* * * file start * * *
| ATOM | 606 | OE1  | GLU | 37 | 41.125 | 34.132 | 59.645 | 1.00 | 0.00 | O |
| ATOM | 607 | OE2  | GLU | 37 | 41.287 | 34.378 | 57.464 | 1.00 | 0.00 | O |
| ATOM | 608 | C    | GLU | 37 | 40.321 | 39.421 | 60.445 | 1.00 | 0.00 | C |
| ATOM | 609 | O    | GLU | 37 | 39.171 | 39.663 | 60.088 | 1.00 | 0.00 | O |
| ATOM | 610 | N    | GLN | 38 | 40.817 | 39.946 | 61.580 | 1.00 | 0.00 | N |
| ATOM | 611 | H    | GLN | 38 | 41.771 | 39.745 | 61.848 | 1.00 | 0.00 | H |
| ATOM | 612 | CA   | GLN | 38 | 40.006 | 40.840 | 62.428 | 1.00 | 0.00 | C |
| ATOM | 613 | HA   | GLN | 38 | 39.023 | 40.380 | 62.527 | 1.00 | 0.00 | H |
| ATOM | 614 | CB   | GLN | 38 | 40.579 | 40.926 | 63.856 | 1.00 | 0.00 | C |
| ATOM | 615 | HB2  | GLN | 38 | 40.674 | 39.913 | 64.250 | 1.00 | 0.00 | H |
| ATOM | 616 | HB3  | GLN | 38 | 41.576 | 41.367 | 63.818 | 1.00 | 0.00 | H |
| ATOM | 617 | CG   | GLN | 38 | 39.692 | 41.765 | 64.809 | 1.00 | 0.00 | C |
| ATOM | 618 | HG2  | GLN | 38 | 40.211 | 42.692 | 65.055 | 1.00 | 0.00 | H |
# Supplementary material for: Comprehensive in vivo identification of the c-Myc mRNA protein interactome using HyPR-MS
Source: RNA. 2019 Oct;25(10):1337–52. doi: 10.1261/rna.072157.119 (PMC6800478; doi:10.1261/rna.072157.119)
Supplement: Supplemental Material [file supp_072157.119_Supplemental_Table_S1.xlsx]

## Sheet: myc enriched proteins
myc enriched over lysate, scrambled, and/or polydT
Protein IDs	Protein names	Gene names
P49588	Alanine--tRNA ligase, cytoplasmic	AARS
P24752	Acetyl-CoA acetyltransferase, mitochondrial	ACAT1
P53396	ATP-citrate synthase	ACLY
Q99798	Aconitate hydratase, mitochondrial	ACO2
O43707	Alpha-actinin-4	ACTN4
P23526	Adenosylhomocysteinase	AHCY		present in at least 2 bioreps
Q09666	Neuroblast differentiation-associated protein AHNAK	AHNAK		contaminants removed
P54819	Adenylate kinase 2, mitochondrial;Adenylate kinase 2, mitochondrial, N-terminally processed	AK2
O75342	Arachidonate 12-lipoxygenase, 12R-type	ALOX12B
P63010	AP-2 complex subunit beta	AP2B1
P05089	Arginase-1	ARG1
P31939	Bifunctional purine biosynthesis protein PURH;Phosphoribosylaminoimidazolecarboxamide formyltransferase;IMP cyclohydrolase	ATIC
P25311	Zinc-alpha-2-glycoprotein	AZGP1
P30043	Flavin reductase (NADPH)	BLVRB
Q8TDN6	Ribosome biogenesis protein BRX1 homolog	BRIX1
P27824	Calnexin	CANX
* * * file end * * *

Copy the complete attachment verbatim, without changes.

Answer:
| ATOM | 606 | OE1  | GLU | 37 | 41.125 | 34.132 | 59.645 | 1.00 | 0.00 | O |
| ATOM | 607 | OE2  | GLU | 37 | 41.287 | 34.378 | 57.464 | 1.00 | 0.00 | O |
| ATOM | 608 | C    | GLU | 37 | 40.321 | 39.421 | 60.445 | 1.00 | 0.00 | C |
| ATOM | 609 | O    | GLU | 37 | 39.171 | 39.663 | 60.088 | 1.00 | 0.00 | O |
| ATOM | 610 | N    | GLN | 38 | 40.817 | 39.946 | 61.580 | 1.00 | 0.00 | N |
| ATOM | 611 | H    | GLN | 38 | 41.771 | 39.745 | 61.848 | 1.00 | 0.00 | H |
| ATOM | 612 | CA   | GLN | 38 | 40.006 | 40.840 | 62.428 | 1.00 | 0.00 | C |
| ATOM | 613 | HA   | GLN | 38 | 39.023 | 40.380 | 62.527 | 1.00 | 0.00 | H |
| ATOM | 614 | CB   | GLN | 38 | 40.579 | 40.926 | 63.856 | 1.00 | 0.00 | C |
| ATOM | 615 | HB2  | GLN | 38 | 40.674 | 39.913 | 64.250 | 1.00 | 0.00 | H |
| ATOM | 616 | HB3  | GLN | 38 | 41.576 | 41.367 | 63.818 | 1.00 | 0.00 | H |
| ATOM | 617 | CG   | GLN | 38 | 39.692 | 41.765 | 64.809 | 1.00 | 0.00 | C |
| ATOM | 618 | HG2  | GLN | 38 | 40.211 | 42.692 | 65.055 | 1.00 | 0.00 | H |
# Supplementary material for: Comprehensive in vivo identification of the c-Myc mRNA protein interactome using HyPR-MS
Source: RNA. 2019 Oct;25(10):1337–52. doi: 10.1261/rna.072157.119 (PMC6800478; doi:10.1261/rna.072157.119)
Supplement: Supplemental Material [file supp_072157.119_Supplemental_Table_S1.xlsx]

## Sheet: myc enriched proteins
myc enriched over lysate, scrambled, and/or polydT
Protein IDs	Protein names	Gene names
P49588	Alanine--tRNA ligase, cytoplasmic	AARS
P24752	Acetyl-CoA acetyltransferase, mitochondrial	ACAT1
P53396	ATP-citrate synthase	ACLY
Q99798	Aconitate hydratase, mitochondrial	ACO2
O43707	Alpha-actinin-4	ACTN4
P23526	Adenosylhomocysteinase	AHCY		present in at least 2 bioreps
Q09666	Neuroblast differentiation-associated protein AHNAK	AHNAK		contaminants removed
P54819	Adenylate kinase 2, mitochondrial;Adenylate kinase 2, mitochondrial, N-terminally processed	AK2
O75342	Arachidonate 12-lipoxygenase, 12R-type	ALOX12B
P63010	AP-2 complex subunit beta	AP2B1
P05089	Arginase-1	ARG1
P31939	Bifunctional purine biosynthesis protein PURH;Phosphoribosylaminoimidazolecarboxamide formyltransferase;IMP cyclohydrolase	ATIC
P25311	Zinc-alpha-2-glycoprotein	AZGP1
P30043	Flavin reductase (NADPH)	BLVRB
Q8TDN6	Ribosome biogenesis protein BRX1 homolog	BRIX1
P27824	Calnexin	CANX